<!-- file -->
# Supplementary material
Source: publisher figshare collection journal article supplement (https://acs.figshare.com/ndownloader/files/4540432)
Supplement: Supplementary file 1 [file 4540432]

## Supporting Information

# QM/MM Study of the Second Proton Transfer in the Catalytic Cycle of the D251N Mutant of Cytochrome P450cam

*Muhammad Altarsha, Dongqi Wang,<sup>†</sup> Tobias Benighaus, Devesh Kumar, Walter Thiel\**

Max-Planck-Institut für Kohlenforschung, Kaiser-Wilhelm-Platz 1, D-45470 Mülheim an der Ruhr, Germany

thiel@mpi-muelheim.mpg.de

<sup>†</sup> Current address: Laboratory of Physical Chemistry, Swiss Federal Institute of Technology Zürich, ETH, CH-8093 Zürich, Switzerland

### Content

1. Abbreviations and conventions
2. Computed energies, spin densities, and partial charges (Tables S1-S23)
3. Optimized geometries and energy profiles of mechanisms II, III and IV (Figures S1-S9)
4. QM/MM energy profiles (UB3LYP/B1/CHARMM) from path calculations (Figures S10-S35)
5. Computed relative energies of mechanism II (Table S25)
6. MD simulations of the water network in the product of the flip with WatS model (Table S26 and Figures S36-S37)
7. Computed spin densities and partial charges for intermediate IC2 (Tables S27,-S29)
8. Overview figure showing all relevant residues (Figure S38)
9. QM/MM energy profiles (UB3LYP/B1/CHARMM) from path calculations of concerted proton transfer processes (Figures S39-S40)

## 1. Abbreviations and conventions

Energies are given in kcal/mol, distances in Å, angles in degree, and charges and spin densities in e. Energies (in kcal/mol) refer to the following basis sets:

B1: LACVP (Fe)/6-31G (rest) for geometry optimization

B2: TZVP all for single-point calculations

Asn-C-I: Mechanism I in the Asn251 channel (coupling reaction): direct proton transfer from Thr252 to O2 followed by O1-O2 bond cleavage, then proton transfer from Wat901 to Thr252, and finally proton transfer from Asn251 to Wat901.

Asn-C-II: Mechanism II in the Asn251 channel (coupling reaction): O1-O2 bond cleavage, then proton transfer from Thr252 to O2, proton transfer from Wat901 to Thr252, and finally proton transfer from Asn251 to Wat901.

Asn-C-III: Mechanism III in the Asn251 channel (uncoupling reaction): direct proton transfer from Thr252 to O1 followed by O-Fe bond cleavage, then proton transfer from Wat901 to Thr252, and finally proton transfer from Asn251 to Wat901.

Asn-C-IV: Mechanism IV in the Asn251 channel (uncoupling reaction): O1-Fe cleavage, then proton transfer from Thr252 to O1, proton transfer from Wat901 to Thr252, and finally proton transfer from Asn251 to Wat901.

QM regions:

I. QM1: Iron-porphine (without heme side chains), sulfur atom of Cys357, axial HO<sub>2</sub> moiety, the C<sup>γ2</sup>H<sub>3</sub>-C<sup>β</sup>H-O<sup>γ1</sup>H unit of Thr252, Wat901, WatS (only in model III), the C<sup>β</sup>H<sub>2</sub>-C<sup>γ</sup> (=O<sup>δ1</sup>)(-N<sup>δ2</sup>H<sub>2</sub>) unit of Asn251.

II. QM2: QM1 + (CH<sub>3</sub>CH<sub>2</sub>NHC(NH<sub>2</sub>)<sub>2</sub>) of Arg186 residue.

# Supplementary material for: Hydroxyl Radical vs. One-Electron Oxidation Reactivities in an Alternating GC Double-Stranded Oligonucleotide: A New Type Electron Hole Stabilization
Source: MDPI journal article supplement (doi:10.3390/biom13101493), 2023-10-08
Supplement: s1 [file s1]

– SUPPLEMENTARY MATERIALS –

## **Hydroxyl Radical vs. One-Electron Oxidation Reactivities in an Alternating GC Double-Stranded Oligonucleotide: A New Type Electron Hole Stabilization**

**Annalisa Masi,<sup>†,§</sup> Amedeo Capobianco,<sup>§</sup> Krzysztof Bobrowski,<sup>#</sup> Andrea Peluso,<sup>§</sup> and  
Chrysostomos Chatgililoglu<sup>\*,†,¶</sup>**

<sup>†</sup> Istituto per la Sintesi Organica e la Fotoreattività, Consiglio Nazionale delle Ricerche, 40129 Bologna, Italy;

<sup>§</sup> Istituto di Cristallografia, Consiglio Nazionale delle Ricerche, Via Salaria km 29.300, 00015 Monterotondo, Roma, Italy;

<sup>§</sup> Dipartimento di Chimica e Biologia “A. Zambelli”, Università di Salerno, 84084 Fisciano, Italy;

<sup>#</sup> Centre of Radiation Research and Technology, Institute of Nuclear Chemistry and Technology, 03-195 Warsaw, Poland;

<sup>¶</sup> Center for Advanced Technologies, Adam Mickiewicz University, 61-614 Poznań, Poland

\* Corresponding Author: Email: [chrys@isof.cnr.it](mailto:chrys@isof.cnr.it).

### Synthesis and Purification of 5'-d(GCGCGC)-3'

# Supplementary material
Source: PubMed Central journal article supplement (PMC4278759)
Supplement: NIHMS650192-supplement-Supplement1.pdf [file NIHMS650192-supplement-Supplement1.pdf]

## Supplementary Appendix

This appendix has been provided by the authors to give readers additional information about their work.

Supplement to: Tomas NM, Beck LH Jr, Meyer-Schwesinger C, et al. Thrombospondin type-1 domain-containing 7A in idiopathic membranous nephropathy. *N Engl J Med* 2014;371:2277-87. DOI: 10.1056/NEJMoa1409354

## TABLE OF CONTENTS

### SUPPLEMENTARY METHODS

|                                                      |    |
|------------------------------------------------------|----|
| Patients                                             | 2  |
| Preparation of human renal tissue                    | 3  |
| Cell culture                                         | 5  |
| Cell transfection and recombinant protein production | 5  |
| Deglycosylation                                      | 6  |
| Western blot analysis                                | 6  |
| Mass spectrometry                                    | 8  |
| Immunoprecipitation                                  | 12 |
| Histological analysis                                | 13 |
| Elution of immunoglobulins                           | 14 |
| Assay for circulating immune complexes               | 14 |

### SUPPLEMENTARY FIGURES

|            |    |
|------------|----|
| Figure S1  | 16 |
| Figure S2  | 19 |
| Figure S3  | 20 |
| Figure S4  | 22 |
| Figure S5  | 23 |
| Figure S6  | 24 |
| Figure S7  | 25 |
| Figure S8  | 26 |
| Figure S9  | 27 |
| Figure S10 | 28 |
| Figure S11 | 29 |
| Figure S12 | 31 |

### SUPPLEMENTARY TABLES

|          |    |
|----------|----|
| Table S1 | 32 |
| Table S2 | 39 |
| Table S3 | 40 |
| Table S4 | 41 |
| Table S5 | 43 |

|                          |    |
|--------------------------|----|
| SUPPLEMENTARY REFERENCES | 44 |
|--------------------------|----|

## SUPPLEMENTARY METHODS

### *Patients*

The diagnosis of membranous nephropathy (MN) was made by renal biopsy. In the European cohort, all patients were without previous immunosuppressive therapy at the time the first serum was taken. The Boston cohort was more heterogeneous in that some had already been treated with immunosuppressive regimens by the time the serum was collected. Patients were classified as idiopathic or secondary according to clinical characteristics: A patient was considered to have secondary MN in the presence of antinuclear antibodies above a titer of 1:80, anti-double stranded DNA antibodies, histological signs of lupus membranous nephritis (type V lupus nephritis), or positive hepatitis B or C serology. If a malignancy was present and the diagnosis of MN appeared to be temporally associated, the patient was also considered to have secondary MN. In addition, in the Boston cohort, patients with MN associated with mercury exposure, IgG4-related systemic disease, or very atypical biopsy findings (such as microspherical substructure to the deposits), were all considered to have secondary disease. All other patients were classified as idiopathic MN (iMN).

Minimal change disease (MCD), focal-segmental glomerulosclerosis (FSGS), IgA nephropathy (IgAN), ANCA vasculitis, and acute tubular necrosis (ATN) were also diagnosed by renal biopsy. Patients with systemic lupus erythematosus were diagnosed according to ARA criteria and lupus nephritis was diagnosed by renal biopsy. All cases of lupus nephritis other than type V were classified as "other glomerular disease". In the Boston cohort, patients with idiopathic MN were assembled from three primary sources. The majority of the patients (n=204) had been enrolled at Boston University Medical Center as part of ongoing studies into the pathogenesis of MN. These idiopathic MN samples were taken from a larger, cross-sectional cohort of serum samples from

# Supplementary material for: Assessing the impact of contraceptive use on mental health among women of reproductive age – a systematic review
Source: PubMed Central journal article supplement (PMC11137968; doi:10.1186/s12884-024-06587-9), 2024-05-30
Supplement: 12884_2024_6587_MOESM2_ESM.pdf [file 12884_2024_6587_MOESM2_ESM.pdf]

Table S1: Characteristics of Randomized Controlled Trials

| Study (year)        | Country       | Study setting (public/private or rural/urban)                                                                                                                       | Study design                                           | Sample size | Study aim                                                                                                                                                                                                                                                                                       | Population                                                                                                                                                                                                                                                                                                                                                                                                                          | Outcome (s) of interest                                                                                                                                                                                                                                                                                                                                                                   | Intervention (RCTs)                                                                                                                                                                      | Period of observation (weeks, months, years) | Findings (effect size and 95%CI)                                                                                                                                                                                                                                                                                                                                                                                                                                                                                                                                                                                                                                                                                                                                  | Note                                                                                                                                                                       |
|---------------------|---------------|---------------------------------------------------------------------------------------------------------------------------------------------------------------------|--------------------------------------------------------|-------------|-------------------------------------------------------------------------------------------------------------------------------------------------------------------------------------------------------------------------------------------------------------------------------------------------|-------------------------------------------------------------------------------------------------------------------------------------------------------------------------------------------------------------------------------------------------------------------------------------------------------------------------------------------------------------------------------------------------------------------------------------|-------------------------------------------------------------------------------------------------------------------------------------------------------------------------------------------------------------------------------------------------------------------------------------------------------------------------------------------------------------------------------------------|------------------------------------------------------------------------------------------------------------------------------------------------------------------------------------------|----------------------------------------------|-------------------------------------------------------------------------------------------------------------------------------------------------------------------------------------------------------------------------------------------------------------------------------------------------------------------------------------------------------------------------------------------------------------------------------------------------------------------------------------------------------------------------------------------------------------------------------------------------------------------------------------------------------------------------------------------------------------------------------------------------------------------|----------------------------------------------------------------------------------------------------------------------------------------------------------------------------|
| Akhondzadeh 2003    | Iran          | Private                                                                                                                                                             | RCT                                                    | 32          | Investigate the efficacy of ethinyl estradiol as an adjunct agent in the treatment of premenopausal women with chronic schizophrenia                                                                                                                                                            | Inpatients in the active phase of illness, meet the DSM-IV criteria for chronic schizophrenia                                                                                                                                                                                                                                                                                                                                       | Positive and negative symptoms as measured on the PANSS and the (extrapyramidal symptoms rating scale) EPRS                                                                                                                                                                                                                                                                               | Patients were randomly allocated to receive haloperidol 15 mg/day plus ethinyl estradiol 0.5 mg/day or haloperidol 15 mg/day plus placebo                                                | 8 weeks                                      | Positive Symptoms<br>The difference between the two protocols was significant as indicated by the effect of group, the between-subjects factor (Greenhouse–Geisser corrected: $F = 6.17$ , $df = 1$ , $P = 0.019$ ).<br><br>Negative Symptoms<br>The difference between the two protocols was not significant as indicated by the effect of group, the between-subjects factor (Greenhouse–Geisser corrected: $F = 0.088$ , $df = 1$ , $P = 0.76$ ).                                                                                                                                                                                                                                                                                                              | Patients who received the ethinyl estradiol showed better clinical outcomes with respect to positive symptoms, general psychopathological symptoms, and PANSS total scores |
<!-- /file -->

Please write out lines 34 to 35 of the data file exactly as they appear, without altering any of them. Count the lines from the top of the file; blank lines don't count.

– SUPPLEMENTARY MATERIALS –

## **Hydroxyl Radical vs. One-Electron Oxidation Reactivities in an Alternating GC Double-Stranded Oligonucleotide: A New Type Electron Hole Stabilization**